|great white shark spyhopping|
- The scientific name of the Great White Shark is Carcharodon Carcharias. It is also known as the White Pointer or just as the White Shark.
- Their favourite foods are pinnipeds – seals and sea lions, but in reality they will eat or attempt to eat anything in the ocean, including sea birds, as well as other fish and sharks. Given a choice, they prefer foods high in fat which will boost their energy levels for longer while keeping them feeling full.
- In a practice known as ‘spyhopping’, great white sharks are one of the few shark species who are known to lift their heads right out of the water to look around. They may do this to see objects, but it is thought this helps them to smell their prey better.
- Very little is known so far about their mating or breeding habits. It is known that they are ovoviviparous, meaning that the eggs hatch in utero and stay there until birth, with the bigger and stronger babies eating the smaller, weaker ones.
|great white shark|
- A female great white is pregnant for 11 months.
- Great white sharks are fish, but are warm-blooded fish.
- The great white is the shark responsible for more attacks on humans each year that any other shark. Most of those attacks are only a test bite, taken because they are inquisitive. Because of their incredible size and strength of their jaws and teeth, more of these single bites are fatal due to the damage they inflict.
- Great whites grow to a maximum of 20 feet on average, and can weigh up to 4,000lbs.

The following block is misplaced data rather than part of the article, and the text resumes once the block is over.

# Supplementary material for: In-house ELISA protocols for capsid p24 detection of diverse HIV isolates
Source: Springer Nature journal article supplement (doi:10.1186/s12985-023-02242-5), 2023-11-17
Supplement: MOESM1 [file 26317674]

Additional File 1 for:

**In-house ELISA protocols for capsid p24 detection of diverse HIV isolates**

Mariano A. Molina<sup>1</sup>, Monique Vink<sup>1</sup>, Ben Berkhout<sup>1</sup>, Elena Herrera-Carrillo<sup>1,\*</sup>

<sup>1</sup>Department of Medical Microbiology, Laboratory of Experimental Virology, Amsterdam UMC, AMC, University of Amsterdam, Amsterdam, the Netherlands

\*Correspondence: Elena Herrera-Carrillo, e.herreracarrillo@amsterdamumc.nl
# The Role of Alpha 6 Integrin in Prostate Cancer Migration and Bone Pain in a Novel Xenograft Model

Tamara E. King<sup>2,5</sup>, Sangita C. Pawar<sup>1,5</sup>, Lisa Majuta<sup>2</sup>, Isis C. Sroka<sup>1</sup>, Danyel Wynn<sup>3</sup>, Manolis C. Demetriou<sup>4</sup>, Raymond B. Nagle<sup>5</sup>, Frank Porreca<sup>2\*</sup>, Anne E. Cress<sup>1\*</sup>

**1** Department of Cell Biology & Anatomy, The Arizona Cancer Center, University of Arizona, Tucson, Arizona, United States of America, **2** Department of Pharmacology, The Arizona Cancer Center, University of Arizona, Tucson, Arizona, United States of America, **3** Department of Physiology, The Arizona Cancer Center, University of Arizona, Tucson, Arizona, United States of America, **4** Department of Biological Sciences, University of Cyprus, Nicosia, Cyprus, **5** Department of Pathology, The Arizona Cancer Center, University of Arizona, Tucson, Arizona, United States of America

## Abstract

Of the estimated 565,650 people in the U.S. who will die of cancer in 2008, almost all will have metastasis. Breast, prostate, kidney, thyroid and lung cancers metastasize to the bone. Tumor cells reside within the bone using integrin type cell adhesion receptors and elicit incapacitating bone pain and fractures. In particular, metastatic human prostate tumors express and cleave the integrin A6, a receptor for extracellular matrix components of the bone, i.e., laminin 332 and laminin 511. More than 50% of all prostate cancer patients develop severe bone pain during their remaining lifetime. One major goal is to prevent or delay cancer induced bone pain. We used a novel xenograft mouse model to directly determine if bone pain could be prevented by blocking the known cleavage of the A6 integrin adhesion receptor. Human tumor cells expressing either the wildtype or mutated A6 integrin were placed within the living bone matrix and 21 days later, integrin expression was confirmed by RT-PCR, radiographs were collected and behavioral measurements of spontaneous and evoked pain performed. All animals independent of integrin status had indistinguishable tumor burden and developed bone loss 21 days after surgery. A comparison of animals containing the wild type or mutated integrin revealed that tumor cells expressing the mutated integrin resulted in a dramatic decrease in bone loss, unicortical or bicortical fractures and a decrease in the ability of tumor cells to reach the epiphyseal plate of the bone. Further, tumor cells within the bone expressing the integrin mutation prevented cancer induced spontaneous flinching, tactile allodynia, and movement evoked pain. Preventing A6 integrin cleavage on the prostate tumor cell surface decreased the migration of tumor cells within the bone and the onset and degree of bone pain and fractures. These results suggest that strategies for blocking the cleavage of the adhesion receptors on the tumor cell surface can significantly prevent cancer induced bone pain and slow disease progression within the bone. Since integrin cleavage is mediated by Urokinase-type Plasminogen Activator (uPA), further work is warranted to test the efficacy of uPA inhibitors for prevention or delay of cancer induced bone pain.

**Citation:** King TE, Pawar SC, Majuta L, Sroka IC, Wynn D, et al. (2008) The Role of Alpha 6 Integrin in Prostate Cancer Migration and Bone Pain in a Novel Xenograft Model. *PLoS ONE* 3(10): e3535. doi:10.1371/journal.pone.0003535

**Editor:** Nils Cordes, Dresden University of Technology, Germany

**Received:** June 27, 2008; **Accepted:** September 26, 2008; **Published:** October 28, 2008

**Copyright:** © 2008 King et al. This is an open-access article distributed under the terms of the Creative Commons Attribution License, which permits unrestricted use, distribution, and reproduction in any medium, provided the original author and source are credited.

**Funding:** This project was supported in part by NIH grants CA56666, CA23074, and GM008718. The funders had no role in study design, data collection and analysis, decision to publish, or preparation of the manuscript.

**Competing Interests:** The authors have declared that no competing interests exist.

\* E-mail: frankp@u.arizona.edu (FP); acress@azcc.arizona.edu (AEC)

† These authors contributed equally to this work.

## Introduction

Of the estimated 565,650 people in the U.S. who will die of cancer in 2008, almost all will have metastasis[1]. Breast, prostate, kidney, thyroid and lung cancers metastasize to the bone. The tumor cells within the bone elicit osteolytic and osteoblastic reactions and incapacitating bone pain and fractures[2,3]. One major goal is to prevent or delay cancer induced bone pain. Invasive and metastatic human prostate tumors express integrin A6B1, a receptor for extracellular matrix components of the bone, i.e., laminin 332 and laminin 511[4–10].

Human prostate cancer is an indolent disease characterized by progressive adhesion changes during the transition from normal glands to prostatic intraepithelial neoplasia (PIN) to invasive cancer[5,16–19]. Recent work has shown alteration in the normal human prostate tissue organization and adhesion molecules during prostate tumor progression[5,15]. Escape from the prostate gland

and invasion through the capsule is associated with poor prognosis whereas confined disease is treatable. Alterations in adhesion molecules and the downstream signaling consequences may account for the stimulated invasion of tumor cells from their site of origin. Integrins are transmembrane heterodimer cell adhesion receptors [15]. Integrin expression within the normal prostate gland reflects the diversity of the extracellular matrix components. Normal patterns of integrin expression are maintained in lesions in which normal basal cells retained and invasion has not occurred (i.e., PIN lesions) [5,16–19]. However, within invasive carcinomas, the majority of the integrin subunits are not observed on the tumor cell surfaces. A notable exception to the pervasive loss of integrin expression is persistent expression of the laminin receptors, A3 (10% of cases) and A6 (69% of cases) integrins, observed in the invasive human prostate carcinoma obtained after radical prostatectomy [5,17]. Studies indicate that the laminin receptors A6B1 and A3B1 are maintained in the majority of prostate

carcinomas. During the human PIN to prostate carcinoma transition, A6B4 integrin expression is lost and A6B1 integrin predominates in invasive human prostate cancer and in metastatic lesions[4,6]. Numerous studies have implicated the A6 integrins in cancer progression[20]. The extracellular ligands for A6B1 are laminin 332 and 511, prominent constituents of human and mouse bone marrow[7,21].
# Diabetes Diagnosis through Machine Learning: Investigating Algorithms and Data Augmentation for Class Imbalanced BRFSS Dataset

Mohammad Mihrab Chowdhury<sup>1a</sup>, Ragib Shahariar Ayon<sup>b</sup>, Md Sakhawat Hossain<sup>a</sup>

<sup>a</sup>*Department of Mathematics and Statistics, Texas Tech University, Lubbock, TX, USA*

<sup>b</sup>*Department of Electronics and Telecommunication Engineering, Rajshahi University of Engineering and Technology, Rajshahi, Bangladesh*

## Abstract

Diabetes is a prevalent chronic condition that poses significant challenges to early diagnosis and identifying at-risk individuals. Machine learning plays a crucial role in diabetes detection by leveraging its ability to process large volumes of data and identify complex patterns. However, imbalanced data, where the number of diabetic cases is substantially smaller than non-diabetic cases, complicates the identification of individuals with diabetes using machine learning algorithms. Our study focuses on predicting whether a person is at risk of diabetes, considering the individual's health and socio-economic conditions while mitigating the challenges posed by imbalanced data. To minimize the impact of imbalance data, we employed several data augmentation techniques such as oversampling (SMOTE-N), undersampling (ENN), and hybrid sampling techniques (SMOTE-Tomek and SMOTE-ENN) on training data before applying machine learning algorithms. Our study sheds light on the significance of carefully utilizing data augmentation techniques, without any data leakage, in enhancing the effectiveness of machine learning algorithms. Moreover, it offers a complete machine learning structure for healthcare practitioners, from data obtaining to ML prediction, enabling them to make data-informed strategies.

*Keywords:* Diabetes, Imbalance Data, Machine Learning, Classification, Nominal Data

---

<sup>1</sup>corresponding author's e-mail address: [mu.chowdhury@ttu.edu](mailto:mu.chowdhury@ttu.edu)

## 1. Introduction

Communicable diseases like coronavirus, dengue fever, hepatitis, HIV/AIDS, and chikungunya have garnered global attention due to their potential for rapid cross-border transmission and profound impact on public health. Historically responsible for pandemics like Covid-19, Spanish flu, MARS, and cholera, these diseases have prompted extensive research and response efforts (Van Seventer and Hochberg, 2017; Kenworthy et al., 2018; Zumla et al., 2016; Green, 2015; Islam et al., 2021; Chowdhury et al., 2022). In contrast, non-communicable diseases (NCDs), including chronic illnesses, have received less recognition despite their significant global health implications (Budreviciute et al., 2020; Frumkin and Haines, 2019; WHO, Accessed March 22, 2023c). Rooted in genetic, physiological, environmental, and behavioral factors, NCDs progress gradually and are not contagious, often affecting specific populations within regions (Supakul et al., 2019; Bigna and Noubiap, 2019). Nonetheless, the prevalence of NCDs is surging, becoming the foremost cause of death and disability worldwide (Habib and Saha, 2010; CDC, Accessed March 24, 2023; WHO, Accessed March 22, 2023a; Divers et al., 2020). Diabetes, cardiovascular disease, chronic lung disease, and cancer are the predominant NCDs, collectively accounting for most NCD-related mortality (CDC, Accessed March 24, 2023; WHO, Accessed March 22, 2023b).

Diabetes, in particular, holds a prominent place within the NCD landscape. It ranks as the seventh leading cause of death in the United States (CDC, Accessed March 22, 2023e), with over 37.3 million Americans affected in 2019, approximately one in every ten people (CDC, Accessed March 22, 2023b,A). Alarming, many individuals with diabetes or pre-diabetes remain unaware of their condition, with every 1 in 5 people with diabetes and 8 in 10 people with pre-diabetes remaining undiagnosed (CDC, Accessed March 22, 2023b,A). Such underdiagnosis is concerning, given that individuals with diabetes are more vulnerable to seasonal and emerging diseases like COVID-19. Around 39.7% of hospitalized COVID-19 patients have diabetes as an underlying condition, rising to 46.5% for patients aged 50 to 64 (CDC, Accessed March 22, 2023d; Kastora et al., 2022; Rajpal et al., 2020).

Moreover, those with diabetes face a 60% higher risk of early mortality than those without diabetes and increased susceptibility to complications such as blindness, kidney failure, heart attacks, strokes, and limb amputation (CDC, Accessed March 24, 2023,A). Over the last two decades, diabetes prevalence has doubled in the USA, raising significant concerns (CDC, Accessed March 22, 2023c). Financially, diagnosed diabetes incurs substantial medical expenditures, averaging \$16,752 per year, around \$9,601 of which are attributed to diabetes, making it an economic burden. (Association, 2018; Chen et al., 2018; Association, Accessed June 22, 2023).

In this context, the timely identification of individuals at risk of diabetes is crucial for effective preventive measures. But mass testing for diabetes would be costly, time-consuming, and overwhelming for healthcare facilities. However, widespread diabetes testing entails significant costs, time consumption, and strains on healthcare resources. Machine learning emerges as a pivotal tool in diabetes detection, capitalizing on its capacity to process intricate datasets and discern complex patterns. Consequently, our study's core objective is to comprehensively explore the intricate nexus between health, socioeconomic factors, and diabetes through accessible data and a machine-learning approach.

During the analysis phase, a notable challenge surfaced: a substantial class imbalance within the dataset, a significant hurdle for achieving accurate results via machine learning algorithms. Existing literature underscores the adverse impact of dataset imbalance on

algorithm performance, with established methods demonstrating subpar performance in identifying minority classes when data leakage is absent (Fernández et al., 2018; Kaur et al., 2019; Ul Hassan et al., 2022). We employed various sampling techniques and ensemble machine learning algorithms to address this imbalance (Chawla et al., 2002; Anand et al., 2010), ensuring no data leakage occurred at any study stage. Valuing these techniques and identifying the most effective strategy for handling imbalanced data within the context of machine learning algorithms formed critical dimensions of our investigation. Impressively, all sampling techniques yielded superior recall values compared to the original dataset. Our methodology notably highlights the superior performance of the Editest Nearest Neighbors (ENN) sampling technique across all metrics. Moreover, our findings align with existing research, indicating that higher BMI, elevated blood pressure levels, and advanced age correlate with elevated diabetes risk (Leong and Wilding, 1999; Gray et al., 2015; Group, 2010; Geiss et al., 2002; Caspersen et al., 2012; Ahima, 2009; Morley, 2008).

- The largest great white shark ever caught was reputed to be 37 feet long, according the Guinness Book of Records.
- Great white sharks often travel in packs, known as ‘clans’. When one clan meets another, they interact in a friendly and inquisitive fashion.
- Like a lot of other types of fish, and all sharks, the great white has an extra sensory organ in their head called the ampullae of lorenzini which allows them to detect the electrical fields of other animals as they move. Those sensors in the great white are highly tuned to detect weak signals given off by both distant prey or injured fish or mammals.
- Great white sharks live an average of 30 years, but they are believed to live until 100. As they are now being tagged and studied in detail, this theory will be known or disproved in your lifetime.
- Due to over-fishing and shark finning, the great white shark is now listed as vulnerable on the IUCN list of endangered species.